Health Notes

When Should You Get Your Vaccines?

by Dr. Rudolf Kotula on August 17, 2017

Vaccines are one of medicine’s greatest tools to prevent dangerous and potentially deadly disease. Thanks to immunizations that are now commonplace, some diseases that were once devastating are becoming rare in our country.

Vaccination may void a number of deadly diseases in people of all ages – from infants all the way to older adults – that were once common:

Chickenpox (Varicella) Meningococcal
Diphtheria Mumps
Flu (Influenza) Pneumococcal
Hepatitis A Polio (Poliomyelitis)
Hepatitis B Rotavirus
Hib (Haemophilus influenzae type b) Rubella (German Measles)
HPV (Human Papillomavirus) Shingles (Herpes Zoster)
Measles Tetanus (Lockjaw)
Whooping Cough (Pertussis )

While most vaccines are administered in childhood, protection from some of them can wear off over time. Adults may also be at risk for vaccine-preventable disease due to age, job, travel or health.

To ensure the health and safety of the public, each year the Advisory Committee on Immunization Practices (ACIP) reviews and approves the recommended immunization schedules for children and adolescents under the age of 18. That schedule, as well as the catch-up immunization schedule, is also approved by the American Academy of Pediatrics, the American Academy of Family Physicians, and the American College of Obstetricians and Gynecologists. Their careful review as well as advances in vaccines often mean changes to what vaccines you need and when.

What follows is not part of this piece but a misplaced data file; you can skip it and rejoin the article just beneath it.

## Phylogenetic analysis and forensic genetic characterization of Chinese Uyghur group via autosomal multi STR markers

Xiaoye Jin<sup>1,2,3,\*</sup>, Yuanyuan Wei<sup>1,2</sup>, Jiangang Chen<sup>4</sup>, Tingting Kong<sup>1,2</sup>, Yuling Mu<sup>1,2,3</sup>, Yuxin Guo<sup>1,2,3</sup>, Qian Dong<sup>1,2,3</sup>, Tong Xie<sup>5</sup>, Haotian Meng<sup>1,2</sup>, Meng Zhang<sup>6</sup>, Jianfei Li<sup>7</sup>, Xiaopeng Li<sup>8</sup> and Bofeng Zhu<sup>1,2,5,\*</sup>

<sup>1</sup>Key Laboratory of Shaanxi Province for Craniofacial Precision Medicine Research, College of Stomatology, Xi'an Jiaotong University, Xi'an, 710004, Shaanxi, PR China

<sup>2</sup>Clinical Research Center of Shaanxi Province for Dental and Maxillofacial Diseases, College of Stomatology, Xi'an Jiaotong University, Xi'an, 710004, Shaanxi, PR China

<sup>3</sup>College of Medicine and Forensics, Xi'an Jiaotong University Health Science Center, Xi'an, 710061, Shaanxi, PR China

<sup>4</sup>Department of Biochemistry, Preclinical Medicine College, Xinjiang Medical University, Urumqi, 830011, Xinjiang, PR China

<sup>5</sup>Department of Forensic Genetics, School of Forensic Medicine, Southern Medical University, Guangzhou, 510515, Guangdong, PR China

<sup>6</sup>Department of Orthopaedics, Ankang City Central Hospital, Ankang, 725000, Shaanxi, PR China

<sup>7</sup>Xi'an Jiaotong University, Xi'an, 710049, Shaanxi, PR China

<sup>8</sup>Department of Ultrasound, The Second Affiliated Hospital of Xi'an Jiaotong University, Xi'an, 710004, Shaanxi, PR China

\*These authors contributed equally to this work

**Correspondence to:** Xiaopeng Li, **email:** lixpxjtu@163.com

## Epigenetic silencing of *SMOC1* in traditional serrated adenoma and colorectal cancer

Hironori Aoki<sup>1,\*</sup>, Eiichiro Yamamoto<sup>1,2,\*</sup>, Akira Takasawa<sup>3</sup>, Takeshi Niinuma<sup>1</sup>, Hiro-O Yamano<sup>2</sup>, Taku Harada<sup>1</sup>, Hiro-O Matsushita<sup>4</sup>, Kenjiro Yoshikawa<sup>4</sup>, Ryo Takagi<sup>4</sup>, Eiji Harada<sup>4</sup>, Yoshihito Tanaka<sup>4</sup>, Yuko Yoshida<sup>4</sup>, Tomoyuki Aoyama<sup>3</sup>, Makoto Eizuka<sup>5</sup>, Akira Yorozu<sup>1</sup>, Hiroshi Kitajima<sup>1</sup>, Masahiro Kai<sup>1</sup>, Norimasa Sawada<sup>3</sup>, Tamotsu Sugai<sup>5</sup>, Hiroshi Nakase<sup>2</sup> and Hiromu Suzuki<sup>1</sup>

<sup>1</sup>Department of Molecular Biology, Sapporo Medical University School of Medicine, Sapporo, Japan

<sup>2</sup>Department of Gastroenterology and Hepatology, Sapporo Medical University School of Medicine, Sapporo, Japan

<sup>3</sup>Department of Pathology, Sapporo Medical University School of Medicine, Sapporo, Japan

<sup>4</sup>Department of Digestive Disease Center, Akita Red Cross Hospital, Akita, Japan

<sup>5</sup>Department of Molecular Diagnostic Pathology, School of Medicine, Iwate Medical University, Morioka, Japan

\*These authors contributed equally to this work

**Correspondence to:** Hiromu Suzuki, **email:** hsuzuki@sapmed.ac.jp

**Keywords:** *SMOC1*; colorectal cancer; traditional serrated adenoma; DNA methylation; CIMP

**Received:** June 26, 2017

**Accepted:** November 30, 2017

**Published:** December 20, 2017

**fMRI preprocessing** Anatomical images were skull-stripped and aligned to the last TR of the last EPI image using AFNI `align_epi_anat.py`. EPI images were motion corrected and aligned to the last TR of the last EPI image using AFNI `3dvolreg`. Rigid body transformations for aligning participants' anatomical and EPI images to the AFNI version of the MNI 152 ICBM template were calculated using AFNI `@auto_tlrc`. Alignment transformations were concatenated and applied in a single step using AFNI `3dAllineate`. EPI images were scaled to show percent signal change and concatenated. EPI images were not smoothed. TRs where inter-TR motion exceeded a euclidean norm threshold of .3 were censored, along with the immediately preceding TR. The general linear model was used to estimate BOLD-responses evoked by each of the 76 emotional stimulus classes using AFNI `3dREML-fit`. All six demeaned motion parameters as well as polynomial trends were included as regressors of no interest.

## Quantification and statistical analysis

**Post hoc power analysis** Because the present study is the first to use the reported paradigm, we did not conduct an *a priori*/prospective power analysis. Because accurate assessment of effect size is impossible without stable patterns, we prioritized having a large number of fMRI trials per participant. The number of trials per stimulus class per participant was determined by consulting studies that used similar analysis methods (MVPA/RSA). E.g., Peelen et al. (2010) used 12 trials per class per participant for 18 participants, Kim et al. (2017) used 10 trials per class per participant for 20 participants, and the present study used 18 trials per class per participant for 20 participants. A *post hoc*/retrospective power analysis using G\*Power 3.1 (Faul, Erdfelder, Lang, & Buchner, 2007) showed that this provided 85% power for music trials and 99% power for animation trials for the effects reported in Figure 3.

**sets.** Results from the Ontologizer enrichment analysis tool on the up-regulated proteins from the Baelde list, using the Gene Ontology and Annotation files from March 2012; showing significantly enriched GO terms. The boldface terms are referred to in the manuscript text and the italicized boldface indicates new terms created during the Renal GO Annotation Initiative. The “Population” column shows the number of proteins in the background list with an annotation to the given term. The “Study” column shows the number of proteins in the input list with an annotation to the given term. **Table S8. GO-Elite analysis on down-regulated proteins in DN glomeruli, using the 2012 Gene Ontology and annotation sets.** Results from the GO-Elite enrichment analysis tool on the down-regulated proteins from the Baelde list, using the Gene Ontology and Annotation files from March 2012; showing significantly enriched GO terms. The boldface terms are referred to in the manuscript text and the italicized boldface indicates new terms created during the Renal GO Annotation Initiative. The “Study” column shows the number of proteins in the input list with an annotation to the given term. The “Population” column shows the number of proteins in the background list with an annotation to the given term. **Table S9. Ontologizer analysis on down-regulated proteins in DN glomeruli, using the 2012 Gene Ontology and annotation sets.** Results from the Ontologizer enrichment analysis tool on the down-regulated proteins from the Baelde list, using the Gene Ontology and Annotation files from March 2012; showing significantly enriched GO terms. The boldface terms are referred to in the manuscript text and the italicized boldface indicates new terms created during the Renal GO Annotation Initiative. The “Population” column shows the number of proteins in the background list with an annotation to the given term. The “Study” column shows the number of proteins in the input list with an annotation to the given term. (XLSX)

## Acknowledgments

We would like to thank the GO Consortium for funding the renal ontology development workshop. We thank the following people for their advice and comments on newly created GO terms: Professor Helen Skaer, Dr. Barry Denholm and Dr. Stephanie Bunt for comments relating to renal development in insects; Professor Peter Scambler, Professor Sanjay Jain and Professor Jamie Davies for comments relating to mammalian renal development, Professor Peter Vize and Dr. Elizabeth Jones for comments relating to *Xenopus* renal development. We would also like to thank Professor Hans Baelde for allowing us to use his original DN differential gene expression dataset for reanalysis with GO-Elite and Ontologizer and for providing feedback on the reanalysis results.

Dr. Rudolf Kotula, Methodist Physicians Clinic infectious disease/travel health
Rudolf Kotula, MD

What vaccines do you need?

It’s important to remember that vaccines are SAFE. Vaccines must go through years of careful testing and be approved by the FDA prior to administration. And while all medications have some side effects, typically vaccine-related problems tend to be mild.

How much do you know about vaccines? Take the CDC’s childhood vaccines quiz.

Immunizations are there to protect not only your health, but the health of those around you – family members, neighbors, classmates, and other members of your communities – including those who may not be able to get vaccinated themselves due to underlying health concerns.

If you have questions about vaccines, talk with your Methodist Physicians Clinic primary care provider. They are there to provide all the facts you need to make educated decisions when it comes to protecting your good health.

August is National Immunization Awareness Month. To learn more about how Nebraska is working to educate the public and providers about vaccines, visit ImmunizeNebraska.org.

Dr. Rudolf Kotula is an infectious disease and travel medicine specialist now
seeing patients at Methodist Physicians Clinic Regency.
Contact Dr. Kotula at MethodistPR@nmhs.org.
Dr. Rudolf Kotula, Methodist Physicians Clinic infectious disease/travel health

 

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